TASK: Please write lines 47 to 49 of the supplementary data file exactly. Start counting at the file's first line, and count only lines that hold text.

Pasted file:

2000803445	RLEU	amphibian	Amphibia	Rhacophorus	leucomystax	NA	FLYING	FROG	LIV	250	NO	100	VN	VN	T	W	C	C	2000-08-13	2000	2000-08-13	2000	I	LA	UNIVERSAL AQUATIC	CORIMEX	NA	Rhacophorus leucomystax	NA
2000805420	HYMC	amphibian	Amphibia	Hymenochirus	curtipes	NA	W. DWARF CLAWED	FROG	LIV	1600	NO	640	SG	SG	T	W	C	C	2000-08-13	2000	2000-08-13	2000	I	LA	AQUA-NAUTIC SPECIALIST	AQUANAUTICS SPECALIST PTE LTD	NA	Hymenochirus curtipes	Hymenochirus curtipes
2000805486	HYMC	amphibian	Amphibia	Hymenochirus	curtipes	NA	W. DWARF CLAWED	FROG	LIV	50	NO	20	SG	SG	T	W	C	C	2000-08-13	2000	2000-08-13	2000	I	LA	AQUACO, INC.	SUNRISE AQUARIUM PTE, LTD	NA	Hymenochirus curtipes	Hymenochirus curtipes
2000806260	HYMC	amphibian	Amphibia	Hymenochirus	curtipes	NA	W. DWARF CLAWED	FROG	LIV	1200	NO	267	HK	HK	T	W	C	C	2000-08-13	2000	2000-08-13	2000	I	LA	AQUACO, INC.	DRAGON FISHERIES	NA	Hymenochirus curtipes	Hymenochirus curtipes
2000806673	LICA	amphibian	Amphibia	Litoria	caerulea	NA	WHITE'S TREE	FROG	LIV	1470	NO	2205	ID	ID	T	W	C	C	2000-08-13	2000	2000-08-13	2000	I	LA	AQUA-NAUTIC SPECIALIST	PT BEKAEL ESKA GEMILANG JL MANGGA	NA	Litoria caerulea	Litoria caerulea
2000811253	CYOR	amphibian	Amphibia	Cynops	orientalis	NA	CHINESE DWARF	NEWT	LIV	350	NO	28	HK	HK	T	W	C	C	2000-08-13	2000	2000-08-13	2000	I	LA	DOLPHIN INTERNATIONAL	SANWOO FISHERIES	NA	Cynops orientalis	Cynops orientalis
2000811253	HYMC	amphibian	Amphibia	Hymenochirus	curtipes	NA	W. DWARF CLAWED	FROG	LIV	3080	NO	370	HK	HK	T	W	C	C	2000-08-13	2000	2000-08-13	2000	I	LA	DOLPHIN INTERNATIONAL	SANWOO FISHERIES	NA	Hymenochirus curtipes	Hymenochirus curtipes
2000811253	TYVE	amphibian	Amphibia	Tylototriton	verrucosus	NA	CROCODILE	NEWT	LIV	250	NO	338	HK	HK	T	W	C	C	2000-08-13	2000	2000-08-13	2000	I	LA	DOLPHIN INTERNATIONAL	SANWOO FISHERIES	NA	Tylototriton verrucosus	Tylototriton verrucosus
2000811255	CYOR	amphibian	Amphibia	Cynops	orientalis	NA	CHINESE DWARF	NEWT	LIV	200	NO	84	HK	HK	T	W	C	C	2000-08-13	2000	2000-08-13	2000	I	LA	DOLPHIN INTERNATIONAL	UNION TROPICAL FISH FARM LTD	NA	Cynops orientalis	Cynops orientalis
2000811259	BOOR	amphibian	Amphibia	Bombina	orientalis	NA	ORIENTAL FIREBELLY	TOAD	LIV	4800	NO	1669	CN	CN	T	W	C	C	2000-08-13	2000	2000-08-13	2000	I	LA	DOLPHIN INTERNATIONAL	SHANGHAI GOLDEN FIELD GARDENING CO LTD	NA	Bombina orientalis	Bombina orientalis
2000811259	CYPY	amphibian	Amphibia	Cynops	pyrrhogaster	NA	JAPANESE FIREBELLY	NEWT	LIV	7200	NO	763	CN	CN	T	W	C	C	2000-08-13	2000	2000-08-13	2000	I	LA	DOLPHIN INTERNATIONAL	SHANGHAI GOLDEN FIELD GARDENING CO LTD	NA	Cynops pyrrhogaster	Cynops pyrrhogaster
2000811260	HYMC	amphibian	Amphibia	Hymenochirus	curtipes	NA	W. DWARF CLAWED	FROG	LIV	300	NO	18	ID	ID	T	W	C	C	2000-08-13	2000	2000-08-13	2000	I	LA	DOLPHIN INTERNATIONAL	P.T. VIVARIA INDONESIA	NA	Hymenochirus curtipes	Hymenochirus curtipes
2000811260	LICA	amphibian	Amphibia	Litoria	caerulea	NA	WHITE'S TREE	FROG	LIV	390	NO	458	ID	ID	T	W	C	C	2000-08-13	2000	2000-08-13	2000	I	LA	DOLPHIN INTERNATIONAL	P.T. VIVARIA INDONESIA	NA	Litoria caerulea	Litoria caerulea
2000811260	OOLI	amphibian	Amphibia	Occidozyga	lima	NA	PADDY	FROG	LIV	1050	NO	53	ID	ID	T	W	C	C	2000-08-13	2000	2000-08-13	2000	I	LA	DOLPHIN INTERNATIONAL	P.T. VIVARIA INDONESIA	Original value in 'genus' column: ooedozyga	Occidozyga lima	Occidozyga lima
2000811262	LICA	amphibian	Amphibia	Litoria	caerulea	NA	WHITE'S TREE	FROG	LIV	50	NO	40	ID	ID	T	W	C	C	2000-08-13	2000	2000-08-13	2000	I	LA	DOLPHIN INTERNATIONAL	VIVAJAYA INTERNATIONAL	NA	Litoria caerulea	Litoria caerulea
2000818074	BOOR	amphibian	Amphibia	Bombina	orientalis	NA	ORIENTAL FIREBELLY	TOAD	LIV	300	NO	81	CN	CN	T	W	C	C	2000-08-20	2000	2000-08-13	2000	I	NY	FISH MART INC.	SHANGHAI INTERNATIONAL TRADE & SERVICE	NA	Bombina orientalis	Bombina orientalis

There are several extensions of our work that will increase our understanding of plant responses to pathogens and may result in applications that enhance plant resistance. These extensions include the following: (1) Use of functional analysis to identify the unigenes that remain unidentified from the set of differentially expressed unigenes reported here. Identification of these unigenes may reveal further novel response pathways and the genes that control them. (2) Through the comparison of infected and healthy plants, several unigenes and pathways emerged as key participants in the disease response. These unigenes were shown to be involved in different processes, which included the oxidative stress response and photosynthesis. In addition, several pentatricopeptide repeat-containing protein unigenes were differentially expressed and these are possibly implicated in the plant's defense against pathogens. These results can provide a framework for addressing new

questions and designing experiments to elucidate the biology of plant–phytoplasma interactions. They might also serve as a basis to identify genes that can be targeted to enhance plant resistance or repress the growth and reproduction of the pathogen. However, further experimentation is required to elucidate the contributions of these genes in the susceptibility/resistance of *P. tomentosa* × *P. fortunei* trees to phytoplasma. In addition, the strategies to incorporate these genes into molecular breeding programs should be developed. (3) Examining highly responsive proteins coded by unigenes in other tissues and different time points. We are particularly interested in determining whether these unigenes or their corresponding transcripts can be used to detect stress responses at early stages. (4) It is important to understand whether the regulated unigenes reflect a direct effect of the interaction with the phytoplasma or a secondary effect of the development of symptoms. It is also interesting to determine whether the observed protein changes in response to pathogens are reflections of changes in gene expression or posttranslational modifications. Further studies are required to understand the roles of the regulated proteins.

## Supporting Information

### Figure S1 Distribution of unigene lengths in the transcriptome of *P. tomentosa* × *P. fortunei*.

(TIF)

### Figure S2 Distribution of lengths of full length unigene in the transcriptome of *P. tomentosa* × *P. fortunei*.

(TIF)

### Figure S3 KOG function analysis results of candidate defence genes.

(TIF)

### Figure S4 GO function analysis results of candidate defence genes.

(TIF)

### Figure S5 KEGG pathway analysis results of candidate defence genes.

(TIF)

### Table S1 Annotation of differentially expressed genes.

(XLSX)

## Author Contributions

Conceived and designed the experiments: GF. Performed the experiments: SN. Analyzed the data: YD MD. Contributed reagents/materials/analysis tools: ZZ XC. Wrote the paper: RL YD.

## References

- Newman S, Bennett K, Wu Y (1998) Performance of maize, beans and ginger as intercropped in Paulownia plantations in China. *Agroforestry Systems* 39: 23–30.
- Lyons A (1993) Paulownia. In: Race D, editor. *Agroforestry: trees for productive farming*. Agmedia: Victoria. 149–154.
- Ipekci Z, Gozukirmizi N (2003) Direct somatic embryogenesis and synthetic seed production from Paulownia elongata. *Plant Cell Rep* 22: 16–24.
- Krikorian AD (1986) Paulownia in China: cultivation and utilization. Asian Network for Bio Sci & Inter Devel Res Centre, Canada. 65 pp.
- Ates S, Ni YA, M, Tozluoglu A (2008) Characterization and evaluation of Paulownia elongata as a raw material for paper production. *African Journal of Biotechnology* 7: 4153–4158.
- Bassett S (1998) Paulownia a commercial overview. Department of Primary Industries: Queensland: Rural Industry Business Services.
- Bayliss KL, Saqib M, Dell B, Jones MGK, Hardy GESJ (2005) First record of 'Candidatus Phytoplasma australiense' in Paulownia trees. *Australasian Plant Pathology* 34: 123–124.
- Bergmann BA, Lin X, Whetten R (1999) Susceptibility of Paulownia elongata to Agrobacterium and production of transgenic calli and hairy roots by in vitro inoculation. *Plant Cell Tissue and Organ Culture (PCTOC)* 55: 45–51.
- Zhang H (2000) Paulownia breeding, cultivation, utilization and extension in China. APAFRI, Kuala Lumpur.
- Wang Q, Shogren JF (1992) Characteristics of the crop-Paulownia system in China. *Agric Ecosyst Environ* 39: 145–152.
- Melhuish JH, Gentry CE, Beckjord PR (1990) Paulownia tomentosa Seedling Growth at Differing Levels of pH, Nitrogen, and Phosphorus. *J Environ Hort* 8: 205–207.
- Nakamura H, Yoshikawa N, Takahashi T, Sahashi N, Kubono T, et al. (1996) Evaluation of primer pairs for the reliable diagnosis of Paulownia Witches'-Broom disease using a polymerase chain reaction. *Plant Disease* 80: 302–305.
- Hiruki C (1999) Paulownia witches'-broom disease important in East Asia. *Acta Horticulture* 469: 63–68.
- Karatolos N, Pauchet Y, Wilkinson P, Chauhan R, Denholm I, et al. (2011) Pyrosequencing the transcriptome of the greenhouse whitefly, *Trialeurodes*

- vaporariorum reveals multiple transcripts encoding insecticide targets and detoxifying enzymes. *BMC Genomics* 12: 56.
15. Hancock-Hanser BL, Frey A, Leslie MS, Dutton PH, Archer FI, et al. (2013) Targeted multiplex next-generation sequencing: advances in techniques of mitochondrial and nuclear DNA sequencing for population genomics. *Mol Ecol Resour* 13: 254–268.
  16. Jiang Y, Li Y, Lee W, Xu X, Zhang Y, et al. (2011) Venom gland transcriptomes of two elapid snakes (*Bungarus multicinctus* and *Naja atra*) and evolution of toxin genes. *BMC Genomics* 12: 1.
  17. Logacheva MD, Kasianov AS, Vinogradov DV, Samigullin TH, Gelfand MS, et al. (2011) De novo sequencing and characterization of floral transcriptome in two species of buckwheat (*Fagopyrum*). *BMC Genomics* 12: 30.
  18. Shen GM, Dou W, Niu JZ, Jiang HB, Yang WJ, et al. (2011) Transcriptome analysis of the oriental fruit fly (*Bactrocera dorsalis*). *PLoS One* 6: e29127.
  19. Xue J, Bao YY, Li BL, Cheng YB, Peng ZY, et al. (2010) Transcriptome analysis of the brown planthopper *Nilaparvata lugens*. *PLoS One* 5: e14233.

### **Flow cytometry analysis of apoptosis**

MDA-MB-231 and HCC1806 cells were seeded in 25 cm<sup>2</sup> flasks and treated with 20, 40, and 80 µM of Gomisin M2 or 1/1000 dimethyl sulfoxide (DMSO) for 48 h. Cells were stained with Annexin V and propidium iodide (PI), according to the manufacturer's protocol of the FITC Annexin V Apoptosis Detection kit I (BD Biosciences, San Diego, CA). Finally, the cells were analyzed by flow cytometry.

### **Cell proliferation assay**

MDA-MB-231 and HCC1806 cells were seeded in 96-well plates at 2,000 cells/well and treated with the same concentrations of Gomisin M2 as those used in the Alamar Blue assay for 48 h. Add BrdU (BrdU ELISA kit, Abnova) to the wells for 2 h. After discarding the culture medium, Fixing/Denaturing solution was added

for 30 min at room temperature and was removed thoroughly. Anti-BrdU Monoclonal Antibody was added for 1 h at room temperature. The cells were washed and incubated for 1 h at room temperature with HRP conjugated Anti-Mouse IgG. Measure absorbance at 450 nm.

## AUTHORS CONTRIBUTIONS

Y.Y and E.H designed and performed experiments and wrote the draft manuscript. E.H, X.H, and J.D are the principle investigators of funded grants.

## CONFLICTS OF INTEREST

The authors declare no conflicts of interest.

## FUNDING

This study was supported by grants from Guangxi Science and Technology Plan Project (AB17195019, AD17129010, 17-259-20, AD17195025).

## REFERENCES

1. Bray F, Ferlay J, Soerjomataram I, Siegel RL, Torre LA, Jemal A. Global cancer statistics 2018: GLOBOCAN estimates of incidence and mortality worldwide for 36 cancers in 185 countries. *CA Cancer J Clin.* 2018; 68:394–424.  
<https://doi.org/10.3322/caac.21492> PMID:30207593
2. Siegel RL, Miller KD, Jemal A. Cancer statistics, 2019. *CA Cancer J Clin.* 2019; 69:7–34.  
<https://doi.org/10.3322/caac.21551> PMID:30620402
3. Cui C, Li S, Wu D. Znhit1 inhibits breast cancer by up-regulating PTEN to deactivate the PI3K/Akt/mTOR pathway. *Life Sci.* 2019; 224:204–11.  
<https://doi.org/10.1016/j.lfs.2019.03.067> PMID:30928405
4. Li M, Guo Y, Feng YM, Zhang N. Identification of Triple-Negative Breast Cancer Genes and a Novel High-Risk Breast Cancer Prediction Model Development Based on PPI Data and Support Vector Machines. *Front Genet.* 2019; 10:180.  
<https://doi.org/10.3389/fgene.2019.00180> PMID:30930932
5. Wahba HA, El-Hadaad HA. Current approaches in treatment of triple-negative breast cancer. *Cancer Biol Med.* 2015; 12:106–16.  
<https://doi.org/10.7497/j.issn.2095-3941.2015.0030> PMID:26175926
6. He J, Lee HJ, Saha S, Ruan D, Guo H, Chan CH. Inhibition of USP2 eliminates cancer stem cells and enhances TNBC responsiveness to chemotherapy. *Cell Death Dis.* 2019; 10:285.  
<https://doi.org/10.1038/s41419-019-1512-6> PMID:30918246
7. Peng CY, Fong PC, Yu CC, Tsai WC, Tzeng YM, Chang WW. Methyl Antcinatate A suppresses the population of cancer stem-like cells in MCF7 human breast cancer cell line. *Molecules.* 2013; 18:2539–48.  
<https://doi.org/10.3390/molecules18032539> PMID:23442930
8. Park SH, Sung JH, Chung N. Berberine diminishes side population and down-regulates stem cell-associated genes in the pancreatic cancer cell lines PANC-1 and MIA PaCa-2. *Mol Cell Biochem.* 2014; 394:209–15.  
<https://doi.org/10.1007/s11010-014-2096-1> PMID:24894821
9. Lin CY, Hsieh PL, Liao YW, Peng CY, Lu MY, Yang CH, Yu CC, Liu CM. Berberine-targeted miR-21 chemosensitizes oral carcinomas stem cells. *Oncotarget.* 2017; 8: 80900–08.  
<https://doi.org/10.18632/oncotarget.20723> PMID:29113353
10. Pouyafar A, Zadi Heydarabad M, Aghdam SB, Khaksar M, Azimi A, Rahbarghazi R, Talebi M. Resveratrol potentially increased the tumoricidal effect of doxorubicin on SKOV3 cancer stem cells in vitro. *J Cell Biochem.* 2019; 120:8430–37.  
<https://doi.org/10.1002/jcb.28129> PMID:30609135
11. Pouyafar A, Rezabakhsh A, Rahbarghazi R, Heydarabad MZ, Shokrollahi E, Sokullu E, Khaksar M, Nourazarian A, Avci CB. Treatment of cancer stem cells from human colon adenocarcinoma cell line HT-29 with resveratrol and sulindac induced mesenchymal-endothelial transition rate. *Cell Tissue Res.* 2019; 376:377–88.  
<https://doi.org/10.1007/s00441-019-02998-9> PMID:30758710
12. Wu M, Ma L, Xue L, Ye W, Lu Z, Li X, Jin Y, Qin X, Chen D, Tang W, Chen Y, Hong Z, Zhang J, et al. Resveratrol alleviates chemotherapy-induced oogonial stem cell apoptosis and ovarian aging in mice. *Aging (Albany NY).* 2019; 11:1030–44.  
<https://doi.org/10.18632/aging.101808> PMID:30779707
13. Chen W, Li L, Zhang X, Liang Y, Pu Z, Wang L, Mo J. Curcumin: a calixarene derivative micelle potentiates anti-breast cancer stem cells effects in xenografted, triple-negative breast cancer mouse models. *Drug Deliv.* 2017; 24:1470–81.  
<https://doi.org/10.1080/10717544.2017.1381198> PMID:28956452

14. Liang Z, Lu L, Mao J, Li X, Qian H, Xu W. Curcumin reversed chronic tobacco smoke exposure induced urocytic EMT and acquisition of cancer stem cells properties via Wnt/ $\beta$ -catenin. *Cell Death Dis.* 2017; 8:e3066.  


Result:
- Hiruki C (1999) Paulownia witches'-broom disease important in East Asia. *Acta Horticulture* 469: 63–68.
- Karatolos N, Pauchet Y, Wilkinson P, Chauhan R, Denholm I, et al. (2011) Pyrosequencing the transcriptome of the greenhouse whitefly, *Trialeurodes*

- vaporariorum reveals multiple transcripts encoding insecticide targets and detoxifying enzymes. *BMC Genomics* 12: 56.